No please don’t get me wrong. I have no sadistic traits, at least they have not been discovered yet. But today I was actually enjoying the discomfort of Dilshan and company. Too bad that it had to be abandoned mid way. But I will get to that a bit later.
Frankly I did not enjoy the current India-Sri Lanka series at all. The bat dominated a bit too much and it was not bowler’s fault at all. The pitches were so very placid and the boundaries so very short. I absolutely cringed every time Arun Lal said “That’s a monstrous hit” when it actually landed only 73 meters away. Also I can bet Dilshan would not be playing that scoop on a Perth or Durban track.
Here is what Harsha Bhogle has to say on Rajkot’s match
Rajkot was a cricket occasion, not a cricket match. It was a spectacle, not a contest. It wasn’t good for cricket.
He further says
The ball was rendered incapable of throwing up a challenge. At the heart of cricket’s magic, the reason all of us are so enamoured by it, is the fact that every ball is a contest. The bowler conceives the challenge, sets his line, his length, his movement, the placement of fielders, and presents it to the batsman, who must then unravel it and respond.
And then there is another challenge. It is relentless and it must be that way. The moment the delivery of the ball to a batsman is no longer a challenge, the contest ceases. It is no longer cricket. Or maybe it would be to the same extent that boxing would remain a sport if each boxer is allowed three minutes at a punching bag and the winner determined by who hits the bag better.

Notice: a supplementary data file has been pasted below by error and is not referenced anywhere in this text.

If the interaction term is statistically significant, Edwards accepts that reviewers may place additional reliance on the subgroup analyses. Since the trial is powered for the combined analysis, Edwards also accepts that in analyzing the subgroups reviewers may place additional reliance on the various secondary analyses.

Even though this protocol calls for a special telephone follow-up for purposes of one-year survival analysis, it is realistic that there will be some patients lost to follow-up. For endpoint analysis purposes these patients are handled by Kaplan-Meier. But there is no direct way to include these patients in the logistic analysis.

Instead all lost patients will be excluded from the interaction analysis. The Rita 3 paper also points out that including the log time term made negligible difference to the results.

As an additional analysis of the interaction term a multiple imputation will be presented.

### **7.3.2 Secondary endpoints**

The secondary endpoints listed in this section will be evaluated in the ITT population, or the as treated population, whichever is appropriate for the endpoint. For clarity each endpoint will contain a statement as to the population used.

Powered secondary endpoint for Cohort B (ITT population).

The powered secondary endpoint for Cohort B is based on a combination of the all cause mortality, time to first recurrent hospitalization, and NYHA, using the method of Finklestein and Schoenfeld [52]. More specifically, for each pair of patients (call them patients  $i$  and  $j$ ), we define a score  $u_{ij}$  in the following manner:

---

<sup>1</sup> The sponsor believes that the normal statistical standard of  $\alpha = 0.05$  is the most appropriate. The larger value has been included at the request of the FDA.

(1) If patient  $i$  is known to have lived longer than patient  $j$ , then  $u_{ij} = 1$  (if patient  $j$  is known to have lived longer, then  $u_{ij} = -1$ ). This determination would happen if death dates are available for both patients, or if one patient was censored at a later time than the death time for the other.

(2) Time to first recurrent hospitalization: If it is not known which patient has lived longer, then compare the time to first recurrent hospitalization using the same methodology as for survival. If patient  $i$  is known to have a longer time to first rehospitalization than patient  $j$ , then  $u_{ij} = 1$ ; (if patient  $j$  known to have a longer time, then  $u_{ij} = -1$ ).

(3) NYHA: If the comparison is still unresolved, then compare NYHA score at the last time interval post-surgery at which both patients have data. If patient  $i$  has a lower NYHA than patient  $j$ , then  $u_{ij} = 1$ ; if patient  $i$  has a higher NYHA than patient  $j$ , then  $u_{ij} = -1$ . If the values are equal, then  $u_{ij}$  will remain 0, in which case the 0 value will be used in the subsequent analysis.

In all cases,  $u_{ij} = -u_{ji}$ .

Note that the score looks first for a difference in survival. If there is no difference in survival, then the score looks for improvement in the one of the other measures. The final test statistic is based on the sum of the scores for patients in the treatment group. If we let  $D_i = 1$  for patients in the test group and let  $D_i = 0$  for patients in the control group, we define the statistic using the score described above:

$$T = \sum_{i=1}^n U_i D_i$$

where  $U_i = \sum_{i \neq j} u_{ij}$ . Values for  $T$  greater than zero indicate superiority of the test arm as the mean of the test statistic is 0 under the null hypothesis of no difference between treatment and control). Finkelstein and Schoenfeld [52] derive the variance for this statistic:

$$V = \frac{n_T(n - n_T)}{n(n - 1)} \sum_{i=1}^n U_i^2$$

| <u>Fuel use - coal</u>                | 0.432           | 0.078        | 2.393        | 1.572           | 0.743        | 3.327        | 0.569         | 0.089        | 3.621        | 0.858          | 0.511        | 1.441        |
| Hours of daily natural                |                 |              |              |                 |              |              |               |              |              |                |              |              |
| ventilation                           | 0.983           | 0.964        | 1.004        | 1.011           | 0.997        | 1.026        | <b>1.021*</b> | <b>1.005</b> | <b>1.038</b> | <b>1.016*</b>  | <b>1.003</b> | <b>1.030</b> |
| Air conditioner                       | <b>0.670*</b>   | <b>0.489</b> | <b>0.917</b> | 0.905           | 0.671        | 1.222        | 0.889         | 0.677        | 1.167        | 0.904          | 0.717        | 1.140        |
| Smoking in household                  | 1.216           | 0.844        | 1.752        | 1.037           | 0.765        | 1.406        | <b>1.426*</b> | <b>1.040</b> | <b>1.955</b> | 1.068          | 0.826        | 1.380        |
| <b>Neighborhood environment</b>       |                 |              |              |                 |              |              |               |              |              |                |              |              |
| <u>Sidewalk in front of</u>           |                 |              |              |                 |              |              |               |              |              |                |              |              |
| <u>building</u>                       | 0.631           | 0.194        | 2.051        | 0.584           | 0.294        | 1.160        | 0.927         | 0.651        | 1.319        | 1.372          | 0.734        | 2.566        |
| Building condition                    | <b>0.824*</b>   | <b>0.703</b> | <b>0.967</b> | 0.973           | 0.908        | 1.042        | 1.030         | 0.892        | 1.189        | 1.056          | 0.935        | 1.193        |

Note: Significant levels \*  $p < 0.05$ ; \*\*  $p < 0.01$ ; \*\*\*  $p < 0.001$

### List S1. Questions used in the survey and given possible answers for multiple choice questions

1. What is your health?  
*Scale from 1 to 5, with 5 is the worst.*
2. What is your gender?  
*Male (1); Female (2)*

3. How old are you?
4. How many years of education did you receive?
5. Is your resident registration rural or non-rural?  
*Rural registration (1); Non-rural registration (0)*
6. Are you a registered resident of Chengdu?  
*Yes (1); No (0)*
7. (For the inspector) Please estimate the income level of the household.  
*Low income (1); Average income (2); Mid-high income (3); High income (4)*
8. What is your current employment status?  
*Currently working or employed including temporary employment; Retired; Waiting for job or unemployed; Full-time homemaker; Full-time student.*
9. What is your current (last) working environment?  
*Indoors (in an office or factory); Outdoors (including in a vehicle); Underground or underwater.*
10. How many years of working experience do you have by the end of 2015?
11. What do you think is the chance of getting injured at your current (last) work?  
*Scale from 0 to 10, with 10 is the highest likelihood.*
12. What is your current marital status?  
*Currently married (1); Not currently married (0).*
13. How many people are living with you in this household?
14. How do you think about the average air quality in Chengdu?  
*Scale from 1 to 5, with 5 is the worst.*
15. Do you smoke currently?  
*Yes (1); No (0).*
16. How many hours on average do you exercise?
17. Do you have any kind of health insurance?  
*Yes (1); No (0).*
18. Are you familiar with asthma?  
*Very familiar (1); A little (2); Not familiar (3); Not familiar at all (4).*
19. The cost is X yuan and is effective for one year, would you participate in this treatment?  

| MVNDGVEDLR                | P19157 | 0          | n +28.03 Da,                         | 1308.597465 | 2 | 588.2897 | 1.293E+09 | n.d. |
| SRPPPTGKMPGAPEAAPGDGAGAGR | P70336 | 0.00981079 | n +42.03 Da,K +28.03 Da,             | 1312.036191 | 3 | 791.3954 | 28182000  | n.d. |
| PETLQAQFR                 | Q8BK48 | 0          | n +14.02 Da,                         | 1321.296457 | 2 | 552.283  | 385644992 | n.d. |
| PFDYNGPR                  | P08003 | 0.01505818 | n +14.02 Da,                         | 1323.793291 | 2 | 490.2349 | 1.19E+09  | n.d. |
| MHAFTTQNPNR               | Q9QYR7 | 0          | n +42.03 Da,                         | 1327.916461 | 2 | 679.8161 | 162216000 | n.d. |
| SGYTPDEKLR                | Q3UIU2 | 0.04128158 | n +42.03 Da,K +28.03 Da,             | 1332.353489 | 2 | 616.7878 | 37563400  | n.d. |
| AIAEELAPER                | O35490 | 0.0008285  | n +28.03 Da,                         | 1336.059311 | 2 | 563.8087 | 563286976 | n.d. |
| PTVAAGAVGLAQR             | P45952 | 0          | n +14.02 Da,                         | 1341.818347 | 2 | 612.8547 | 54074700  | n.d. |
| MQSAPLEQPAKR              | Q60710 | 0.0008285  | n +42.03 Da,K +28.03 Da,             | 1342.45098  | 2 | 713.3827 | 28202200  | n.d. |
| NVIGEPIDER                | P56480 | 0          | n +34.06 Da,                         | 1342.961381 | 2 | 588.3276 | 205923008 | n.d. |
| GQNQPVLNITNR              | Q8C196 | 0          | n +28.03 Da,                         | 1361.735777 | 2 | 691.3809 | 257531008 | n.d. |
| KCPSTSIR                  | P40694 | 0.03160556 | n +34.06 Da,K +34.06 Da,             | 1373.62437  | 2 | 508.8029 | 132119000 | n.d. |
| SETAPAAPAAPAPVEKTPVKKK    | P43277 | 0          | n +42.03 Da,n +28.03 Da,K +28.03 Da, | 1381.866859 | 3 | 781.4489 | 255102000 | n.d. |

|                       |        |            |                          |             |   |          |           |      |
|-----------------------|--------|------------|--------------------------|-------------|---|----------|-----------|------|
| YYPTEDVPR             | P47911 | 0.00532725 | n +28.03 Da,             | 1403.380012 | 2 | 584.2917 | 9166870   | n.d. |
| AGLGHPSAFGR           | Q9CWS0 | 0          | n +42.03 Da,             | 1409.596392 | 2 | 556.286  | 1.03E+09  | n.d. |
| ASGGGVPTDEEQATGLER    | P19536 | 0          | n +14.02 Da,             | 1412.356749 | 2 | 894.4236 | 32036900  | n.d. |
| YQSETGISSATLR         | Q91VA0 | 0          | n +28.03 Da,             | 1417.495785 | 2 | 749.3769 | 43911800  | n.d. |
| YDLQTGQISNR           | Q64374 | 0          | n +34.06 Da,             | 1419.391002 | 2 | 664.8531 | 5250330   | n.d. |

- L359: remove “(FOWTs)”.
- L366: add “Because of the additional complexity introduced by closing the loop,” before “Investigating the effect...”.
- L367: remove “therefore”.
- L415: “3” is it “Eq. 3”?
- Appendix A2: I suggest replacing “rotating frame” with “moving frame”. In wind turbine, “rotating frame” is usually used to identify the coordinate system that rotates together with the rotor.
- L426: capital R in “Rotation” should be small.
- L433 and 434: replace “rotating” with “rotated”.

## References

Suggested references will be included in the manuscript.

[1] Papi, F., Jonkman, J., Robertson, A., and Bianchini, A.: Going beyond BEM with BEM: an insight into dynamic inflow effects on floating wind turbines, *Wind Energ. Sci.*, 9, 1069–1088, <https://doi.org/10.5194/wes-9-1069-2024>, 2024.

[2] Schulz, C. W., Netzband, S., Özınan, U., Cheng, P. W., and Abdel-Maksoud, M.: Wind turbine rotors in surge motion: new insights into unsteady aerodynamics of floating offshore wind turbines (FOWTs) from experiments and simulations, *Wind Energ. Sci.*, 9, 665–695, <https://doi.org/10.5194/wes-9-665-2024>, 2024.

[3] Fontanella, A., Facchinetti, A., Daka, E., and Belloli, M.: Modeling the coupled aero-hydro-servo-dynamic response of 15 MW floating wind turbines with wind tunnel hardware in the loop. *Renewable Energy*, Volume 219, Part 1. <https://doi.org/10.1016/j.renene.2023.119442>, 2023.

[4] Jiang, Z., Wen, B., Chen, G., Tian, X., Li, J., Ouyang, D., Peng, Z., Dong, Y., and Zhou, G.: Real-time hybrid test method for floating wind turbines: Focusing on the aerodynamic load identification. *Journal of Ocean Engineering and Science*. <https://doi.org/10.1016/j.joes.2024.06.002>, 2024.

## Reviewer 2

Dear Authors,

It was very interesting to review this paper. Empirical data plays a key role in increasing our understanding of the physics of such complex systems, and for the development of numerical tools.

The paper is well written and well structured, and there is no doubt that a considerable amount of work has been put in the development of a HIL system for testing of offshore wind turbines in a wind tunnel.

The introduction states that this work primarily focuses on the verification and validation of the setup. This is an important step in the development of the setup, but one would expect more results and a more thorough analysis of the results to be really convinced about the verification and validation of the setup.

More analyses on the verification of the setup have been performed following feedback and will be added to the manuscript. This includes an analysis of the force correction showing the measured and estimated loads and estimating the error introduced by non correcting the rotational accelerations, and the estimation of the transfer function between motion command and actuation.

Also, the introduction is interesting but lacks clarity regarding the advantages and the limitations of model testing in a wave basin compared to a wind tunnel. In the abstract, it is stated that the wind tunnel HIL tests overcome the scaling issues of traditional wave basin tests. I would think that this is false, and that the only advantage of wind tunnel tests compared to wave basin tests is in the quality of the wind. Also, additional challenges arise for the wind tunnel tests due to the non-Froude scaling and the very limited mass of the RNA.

Many cheered, as they might have in ancient Rome when Christians were thrown to the lions. The hitting of a boundary was no longer an event, no longer a victory for the bat over the ball. It was routine, almost par for the course. Was the bowler thinking of getting a batsman out or was he fearing where he was going to be hit? Was there a sigh of relief at a dot ball? Did submission accompany a bowler back to his mark in place of aggression.
This brings us back to today’s game. Of course the pitch had variable bounce. A few went to the keeper on second bounce and a few leapt up from length in the same over. But didn’t batsmen play on uncovered pitches earlier without the protective armour. Also suppose, just suppose, had the bounce been consistent with pronounced movement of the seam, would Arun Lal, Ravi Shastri and even the venerable Sunil Gavaskar called this a good pitch? I doubt. Because now the definition of a good pitch is when the batsman can just plonk his foot and hit through the line without caring for line and length.
I wonder would we see bowling machines instead of bowlers in the team in the future because pretty soon no body would want to be a bowler.